SCAD is a spontaneous tear of the inner layer in the coronary artery, creating a false lumen between the inner and central layer. This results in decreased coronary blood flow leading to acute coronary syndrome (ACS)[1,2]. The first reported case of SCAD was in 1931 during an autopsy in a 42-year-old woman. The literature remains limited with information on SCAD[3,4]. Of all causes of ACS known in the general population, SCAD is responsible for only 0.1-0.4%. However, in the young female population (<50 years), SCAD is responsible for up to 25% of ACS[1,3], mostly unrelated to pregnant women with low cardiovascular risks.
SCAD is divided into atherosclerotic and non-atherosclerotic types: Atherosclerotic SCAD is characterized by rupture of an atherosclerotic plaque; non-atherosclerotic SCAD is related to other pathophysiologies, such as connective tissue disorders, systemic inflammation, coronary vasospasm, severe hypertension, physical stress, use of oral hormonal contraceptive, cocaine abuse, peripartum, and up to 72% due to fibromuscular dysplasia[2-4].
Though the diagnosis of SCAD remains challenging, it should be considered in any young female presenting with ACS symptoms, with or without ST segment elevation. A recent study with 168 patients with SCAD revealed that only 26.1% of patients presented with ST-segment elevation, and 3.6% had ventricular fibrillation or ventricular tachycardia. The LAD was found to be the most prevailing site of SCAD, as in our patient[2,6,7].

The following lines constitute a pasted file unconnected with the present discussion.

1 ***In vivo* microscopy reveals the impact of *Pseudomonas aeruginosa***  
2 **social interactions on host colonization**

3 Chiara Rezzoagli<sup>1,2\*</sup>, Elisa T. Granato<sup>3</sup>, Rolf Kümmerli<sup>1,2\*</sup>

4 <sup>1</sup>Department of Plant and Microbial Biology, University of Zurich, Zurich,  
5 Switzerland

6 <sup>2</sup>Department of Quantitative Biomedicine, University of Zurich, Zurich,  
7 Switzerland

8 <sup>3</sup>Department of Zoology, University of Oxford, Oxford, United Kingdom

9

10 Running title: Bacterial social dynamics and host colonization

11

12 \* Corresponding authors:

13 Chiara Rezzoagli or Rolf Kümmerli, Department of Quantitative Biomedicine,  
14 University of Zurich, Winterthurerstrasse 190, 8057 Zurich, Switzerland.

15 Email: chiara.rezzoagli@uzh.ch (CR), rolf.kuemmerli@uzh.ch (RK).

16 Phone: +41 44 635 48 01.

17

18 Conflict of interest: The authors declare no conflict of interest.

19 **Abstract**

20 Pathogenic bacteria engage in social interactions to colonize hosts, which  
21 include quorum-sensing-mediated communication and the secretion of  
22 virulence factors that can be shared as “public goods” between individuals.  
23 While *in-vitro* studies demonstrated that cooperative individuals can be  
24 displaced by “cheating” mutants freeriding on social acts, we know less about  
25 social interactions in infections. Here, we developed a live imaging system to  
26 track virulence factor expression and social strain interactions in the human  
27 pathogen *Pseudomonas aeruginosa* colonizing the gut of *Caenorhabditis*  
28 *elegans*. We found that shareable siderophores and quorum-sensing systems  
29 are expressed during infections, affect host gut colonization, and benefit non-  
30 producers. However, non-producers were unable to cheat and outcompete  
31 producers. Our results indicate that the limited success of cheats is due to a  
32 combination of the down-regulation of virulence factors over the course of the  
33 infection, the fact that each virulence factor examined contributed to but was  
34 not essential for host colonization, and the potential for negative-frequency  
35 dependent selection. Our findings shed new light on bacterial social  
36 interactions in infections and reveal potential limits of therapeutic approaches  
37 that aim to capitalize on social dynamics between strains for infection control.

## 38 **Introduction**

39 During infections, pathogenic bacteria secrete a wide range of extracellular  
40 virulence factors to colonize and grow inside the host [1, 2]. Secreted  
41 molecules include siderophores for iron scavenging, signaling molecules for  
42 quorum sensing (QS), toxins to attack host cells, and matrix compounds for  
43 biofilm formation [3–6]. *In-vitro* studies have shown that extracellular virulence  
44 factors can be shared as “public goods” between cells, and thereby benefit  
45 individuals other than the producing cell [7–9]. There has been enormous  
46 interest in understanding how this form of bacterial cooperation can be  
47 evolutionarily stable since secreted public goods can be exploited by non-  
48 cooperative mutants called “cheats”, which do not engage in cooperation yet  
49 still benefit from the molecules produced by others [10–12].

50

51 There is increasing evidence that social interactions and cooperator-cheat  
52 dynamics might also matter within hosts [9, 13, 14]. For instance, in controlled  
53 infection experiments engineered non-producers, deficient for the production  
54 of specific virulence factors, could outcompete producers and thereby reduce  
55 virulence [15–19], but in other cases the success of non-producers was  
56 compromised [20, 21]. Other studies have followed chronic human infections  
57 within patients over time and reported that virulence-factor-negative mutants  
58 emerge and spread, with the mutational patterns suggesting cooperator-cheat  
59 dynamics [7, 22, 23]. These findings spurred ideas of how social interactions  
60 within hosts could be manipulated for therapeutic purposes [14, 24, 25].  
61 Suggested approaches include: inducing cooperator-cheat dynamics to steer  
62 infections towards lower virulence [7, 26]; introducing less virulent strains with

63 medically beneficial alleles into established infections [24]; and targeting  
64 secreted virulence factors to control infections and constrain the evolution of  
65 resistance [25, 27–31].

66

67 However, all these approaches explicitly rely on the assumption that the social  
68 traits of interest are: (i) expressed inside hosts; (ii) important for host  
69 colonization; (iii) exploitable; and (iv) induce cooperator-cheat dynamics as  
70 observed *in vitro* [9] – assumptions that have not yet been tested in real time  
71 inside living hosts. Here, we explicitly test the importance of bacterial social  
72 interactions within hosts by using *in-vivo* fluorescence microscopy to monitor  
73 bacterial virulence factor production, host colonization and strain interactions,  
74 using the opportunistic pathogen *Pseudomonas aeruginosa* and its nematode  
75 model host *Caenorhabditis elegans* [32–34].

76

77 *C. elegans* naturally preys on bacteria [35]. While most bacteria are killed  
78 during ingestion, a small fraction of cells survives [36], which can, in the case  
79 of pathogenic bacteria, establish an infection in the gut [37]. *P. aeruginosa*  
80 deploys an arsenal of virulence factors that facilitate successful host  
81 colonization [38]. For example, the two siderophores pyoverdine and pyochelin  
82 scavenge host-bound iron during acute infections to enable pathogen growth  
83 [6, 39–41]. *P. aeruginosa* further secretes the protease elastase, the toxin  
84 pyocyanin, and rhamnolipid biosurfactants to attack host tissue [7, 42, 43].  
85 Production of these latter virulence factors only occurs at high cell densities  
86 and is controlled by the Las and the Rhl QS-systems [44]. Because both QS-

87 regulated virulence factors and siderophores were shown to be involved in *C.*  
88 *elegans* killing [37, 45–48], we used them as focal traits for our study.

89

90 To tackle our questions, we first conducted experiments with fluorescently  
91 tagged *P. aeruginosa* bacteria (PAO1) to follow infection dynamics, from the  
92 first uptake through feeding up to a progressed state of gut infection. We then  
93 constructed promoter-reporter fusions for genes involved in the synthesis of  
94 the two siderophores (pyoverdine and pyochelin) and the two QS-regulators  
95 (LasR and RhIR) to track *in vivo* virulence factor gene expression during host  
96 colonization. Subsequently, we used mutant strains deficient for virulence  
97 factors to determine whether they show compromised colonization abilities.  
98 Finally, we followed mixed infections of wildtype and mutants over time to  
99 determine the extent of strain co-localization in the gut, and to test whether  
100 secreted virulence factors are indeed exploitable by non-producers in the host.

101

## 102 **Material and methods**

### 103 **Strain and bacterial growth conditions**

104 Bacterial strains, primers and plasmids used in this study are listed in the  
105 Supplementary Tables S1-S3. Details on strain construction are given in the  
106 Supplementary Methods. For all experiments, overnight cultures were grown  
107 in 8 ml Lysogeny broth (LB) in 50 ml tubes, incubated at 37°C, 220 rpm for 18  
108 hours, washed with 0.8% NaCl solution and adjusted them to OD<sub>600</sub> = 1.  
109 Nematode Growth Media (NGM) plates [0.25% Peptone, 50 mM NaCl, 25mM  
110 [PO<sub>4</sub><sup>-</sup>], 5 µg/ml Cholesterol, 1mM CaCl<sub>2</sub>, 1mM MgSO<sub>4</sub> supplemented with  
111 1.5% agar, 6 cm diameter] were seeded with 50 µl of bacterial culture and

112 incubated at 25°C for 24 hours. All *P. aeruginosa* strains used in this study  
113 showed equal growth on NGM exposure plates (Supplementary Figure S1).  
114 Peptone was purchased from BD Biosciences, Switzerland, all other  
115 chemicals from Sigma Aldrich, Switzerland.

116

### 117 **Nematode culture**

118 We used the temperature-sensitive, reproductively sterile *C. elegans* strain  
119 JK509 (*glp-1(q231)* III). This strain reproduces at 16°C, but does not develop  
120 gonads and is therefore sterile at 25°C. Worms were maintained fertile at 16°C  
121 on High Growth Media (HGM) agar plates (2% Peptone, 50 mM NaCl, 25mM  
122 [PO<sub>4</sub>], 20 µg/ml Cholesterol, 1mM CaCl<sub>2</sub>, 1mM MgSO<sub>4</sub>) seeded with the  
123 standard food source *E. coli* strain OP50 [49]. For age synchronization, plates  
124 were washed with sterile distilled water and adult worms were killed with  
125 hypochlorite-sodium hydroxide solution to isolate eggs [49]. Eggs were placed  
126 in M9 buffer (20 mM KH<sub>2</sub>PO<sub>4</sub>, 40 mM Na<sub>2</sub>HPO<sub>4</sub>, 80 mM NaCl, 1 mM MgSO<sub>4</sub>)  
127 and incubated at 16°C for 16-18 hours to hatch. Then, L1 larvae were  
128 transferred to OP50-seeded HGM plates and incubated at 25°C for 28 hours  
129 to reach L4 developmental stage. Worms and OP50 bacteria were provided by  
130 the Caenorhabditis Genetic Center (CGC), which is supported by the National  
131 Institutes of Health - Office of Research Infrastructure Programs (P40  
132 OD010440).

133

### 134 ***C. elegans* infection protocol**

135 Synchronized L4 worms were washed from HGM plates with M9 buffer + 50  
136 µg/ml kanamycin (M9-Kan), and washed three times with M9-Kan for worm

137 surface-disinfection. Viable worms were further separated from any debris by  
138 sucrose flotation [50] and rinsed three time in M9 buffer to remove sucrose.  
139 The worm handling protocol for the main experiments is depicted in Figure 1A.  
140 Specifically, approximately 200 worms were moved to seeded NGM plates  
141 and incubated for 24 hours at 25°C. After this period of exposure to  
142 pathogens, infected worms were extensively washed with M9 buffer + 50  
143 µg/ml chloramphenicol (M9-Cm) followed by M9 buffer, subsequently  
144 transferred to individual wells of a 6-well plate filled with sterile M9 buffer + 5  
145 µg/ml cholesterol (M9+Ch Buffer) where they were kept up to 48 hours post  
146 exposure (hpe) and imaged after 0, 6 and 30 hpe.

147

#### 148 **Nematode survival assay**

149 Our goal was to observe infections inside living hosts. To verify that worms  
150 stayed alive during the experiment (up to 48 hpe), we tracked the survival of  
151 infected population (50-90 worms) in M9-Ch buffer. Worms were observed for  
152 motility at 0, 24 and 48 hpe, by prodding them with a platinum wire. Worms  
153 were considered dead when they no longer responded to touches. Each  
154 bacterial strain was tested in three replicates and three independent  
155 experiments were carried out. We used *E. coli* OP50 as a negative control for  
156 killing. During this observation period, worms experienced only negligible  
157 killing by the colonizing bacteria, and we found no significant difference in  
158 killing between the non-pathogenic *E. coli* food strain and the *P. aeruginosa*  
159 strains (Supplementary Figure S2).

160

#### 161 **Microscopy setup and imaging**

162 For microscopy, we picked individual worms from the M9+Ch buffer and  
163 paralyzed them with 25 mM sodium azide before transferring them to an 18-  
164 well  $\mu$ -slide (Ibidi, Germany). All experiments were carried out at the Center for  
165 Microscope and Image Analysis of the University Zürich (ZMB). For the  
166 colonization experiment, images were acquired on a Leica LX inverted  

A study in 2013 using Optical Coherence Tomography showed that up to 4% of all ACS were caused by SCAD. Coronary angiography remains the standard diagnostic method due to its wide availability, except when dissection is caused by trauma during cardiac catheterization.
Saw 2014 defined three types of angiographic classifications of SCAD. Type 1 must include the pathognomonic appearance of having an arterial wall stain from contrast dye with multiple radiolucent lumen; Type 2 is often misdiagnosed and is characterized by diffuse stenosis of varying severity. This lesion can vary from subtle stenosis to complete occlusion; and Type 3 is the most difficult type to diagnose, as it closely resembles atherosclerosis. SCAD may be differentiated from atherosclerosis by lack of atherosclerotic changes in other coronary arteries, long lesions of 11-20 mm, angiographic hazy-appearing stenosis, and linear stenosis. Intracoronary imaging is imperative to identify such specific characteristics of a SCAD lesion.
Currently, there are no guidelines for the treatment of SCAD. Once the diagnosis is made, treatment via percutaneous intervention or revascularization surgery depends on coronary anatomy and hemodynamic stability[4,5,7]. The majority of studies showed that SCAD lesions spontaneously resolved when patients were treated conservatively[2,5]. However, some patients required aggressive intervention during long-term follow up. A study of 440 patients who presented with SCAD revealed 21.2% of patients who were treated conservatively required percutaneous coronary intervention (PCI) or surgical treatment, compared to 2.5% of those who were initially treated aggressively. The authors demonstrated statistically significant larger symptom-free periods and lower mortality in the CABG and PCI groups compared to the medical management group.